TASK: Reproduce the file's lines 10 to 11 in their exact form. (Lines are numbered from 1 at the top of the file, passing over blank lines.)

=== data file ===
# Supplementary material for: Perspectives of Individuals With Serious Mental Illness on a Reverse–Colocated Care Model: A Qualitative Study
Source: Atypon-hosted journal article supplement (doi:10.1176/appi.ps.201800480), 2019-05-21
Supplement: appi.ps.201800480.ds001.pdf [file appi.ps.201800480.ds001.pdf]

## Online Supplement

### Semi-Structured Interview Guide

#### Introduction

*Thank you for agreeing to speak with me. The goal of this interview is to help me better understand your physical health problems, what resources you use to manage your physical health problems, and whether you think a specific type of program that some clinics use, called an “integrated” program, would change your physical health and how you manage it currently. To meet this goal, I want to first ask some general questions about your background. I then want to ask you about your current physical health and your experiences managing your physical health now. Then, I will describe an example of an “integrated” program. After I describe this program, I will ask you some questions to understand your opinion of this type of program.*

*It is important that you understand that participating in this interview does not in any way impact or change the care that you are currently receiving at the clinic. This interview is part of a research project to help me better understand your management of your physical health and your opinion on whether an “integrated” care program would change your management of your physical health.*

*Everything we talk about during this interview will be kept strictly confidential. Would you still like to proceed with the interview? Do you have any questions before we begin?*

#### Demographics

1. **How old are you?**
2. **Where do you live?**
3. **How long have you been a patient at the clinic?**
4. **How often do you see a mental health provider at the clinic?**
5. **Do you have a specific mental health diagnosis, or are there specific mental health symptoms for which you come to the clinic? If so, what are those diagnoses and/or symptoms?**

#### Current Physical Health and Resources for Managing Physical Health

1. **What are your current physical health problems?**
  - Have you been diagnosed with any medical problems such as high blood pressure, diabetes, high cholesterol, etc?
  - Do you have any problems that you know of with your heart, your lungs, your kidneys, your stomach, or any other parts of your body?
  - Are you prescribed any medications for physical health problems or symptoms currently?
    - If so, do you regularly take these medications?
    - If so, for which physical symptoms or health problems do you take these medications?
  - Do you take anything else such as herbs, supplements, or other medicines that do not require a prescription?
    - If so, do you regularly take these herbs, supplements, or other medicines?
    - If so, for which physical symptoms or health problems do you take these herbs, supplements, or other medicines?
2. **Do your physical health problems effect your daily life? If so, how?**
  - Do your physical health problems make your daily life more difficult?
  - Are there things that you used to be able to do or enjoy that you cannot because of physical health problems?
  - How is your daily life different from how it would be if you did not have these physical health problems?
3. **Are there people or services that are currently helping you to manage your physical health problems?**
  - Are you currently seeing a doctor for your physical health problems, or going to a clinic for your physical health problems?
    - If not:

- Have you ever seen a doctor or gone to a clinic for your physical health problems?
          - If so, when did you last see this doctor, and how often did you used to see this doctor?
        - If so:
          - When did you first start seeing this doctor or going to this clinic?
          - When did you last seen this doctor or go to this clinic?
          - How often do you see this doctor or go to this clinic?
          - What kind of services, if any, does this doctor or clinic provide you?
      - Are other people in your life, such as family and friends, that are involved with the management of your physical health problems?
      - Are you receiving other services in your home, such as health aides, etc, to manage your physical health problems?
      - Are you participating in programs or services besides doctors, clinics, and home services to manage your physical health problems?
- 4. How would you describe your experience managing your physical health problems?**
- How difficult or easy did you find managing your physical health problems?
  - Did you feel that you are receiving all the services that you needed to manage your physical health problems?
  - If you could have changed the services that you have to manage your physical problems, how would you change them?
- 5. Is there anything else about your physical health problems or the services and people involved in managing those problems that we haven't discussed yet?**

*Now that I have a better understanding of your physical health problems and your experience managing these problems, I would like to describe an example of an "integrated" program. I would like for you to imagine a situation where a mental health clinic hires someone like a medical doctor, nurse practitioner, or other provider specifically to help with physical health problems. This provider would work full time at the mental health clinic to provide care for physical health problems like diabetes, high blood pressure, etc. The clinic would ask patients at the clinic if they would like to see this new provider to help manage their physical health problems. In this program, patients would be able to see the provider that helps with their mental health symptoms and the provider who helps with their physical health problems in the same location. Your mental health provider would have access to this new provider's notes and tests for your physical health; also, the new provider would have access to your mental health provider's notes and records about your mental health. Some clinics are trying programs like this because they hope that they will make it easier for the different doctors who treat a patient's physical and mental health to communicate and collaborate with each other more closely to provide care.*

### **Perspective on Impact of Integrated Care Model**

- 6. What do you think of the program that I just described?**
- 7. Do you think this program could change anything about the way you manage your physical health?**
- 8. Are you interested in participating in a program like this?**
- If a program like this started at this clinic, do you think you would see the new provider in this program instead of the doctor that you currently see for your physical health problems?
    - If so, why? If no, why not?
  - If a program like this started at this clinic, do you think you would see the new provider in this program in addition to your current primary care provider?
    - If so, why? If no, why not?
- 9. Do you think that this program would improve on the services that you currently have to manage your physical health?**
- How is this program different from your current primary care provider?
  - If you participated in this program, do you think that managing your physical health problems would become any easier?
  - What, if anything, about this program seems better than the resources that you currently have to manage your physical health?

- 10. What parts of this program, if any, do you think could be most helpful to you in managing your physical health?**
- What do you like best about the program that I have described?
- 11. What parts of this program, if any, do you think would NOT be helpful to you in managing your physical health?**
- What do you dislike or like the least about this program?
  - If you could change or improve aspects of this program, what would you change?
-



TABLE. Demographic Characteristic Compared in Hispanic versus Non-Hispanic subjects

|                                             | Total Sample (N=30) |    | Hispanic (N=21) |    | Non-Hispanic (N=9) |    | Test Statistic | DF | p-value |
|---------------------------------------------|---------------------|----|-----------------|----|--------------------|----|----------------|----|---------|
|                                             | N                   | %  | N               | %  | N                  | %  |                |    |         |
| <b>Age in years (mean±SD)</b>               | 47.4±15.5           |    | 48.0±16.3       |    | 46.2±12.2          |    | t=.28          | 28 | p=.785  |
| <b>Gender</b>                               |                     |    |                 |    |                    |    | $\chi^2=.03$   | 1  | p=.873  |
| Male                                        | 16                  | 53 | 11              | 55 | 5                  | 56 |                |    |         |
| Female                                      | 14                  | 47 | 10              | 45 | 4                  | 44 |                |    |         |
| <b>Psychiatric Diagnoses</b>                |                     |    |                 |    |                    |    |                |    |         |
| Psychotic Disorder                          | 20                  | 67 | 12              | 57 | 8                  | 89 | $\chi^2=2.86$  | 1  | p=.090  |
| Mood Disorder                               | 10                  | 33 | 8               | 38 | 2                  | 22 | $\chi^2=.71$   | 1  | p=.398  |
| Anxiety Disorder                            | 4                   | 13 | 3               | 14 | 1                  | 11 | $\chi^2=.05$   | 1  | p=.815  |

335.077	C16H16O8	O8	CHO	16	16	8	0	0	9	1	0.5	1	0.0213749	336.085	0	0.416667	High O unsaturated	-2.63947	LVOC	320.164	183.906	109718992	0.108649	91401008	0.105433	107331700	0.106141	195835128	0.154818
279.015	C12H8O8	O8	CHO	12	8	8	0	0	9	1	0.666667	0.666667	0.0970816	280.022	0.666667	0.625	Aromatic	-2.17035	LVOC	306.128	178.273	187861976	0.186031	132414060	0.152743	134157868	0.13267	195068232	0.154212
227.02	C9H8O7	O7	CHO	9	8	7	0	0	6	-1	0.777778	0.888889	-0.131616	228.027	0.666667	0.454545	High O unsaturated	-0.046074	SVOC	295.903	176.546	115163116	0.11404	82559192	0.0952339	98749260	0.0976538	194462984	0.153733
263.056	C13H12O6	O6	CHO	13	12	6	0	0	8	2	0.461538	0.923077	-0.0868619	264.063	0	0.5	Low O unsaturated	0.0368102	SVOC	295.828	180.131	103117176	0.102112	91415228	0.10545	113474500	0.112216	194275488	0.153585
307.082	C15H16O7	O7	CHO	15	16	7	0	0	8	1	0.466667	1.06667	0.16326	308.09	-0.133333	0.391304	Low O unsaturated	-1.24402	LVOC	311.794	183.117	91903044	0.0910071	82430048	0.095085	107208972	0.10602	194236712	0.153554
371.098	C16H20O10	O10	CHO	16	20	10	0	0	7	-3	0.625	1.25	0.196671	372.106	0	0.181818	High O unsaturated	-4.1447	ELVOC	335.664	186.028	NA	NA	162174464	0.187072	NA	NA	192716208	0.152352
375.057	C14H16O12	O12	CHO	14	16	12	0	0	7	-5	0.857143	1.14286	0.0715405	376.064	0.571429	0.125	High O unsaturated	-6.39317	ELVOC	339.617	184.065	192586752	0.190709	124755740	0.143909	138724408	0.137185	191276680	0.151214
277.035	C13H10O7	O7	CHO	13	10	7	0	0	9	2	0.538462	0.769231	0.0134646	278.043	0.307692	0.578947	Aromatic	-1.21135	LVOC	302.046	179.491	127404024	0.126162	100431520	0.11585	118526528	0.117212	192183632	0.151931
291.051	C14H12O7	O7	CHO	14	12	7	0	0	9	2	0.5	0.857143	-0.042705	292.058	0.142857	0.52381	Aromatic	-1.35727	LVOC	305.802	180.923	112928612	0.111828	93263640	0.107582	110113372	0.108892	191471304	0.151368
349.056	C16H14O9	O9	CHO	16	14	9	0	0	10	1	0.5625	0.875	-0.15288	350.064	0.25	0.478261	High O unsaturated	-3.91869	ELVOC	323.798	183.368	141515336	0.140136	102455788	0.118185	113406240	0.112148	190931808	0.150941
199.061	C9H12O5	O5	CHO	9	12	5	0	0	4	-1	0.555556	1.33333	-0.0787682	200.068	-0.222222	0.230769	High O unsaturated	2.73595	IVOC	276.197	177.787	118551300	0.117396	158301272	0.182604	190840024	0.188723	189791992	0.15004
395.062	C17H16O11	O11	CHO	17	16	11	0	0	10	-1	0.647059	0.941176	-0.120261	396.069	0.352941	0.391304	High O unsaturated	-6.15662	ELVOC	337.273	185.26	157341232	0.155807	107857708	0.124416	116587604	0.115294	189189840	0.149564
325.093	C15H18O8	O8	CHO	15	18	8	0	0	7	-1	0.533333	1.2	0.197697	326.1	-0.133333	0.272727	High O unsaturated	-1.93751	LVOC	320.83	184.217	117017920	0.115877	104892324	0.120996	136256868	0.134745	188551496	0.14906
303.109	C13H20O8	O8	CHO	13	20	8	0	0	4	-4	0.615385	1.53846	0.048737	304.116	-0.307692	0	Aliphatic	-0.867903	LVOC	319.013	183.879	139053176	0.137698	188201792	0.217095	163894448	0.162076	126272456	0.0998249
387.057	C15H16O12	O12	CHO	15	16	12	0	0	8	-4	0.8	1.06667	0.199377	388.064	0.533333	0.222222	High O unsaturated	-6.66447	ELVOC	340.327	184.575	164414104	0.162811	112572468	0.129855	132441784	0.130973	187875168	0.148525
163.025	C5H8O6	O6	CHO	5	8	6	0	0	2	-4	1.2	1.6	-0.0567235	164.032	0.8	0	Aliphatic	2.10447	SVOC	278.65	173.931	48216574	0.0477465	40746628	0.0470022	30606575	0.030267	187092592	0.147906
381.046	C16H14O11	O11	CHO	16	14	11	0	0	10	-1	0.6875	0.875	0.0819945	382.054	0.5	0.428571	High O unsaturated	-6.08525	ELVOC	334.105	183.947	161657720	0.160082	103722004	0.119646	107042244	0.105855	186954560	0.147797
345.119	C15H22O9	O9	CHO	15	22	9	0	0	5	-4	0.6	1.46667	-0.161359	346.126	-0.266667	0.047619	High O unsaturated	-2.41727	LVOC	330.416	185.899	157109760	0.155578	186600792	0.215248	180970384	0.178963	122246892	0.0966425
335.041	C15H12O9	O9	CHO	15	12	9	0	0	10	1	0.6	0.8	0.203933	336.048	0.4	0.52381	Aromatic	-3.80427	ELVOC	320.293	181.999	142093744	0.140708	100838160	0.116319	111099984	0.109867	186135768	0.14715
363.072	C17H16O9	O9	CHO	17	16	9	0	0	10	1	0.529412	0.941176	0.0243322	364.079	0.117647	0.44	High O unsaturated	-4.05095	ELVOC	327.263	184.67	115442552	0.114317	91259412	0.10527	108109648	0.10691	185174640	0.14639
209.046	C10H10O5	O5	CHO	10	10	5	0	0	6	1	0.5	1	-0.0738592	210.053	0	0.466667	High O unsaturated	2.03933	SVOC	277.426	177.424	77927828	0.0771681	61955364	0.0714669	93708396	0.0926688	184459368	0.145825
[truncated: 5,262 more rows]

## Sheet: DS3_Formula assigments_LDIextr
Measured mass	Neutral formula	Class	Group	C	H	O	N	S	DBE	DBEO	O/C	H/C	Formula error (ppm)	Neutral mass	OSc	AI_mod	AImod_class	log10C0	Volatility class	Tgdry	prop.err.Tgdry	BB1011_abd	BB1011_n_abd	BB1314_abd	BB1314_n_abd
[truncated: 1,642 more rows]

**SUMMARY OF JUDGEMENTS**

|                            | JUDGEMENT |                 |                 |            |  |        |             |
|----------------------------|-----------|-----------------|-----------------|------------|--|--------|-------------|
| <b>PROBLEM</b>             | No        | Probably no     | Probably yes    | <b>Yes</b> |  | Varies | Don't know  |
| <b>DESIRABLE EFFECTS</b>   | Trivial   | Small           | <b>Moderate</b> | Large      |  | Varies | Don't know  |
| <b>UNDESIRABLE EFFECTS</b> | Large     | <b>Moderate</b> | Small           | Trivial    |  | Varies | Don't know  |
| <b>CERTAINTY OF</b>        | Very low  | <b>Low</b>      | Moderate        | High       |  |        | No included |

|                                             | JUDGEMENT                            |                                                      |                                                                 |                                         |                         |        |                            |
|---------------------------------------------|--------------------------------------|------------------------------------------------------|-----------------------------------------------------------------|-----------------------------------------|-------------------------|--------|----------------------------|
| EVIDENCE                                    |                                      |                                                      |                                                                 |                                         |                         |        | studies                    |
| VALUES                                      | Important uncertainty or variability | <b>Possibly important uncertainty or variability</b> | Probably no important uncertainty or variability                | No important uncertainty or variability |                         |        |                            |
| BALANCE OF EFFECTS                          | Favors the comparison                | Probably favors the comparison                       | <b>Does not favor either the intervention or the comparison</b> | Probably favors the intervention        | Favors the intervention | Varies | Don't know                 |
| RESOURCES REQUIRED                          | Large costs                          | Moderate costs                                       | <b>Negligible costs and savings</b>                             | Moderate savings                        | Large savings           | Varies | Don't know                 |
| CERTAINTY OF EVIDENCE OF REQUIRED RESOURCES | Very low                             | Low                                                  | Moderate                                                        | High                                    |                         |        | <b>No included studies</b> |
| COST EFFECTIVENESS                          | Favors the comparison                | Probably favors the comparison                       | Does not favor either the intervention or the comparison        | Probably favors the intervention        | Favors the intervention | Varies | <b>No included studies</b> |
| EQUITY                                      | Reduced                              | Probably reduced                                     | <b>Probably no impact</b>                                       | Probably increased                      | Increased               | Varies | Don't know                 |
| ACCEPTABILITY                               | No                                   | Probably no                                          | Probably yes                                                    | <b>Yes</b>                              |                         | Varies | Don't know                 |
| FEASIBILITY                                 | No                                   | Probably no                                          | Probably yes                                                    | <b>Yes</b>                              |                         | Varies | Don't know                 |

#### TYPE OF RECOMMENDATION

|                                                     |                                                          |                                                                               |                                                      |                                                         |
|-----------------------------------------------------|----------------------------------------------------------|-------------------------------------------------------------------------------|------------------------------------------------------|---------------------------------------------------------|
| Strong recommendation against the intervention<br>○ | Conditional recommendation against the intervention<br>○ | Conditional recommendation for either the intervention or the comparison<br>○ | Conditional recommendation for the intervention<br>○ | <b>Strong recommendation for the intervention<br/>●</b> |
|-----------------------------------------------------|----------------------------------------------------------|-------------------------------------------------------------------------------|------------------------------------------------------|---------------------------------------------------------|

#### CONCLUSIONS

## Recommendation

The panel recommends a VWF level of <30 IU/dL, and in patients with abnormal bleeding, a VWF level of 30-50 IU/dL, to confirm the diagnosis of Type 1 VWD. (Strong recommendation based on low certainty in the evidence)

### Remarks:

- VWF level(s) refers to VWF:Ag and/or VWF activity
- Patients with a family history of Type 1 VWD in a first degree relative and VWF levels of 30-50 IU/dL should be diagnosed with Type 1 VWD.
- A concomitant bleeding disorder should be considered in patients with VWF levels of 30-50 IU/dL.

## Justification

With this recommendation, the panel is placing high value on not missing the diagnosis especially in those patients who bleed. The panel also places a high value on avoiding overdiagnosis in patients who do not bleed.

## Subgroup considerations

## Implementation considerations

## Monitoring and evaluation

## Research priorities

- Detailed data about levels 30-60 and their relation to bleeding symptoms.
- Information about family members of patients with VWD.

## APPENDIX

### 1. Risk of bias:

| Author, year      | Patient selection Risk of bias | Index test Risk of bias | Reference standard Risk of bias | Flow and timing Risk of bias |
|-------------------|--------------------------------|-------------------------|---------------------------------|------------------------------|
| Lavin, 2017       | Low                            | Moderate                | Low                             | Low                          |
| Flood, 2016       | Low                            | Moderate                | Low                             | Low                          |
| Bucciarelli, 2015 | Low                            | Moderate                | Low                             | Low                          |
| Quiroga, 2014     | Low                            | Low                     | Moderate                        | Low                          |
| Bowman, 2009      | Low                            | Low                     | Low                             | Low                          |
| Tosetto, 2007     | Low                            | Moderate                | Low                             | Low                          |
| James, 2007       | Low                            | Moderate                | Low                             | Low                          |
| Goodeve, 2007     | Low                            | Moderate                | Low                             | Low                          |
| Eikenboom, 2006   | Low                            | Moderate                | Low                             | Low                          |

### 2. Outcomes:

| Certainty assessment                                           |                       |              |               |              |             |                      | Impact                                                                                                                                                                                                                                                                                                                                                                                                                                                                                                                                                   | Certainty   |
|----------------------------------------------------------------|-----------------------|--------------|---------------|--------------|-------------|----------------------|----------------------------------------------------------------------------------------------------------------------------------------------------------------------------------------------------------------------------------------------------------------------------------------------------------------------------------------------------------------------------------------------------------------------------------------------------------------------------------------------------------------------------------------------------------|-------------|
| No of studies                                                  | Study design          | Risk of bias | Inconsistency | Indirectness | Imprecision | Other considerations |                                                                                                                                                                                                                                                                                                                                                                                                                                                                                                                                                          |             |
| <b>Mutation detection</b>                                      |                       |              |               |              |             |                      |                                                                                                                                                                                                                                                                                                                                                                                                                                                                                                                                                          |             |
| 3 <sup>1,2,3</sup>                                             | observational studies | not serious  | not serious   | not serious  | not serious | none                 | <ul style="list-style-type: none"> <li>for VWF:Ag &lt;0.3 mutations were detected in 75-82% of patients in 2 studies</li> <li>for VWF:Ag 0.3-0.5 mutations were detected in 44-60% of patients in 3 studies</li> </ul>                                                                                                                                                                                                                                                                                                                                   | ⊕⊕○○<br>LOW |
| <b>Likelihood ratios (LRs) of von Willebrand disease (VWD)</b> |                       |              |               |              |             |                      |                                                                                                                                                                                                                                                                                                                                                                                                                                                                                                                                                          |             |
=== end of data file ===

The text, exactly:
#### Demographics

1. **How old are you?**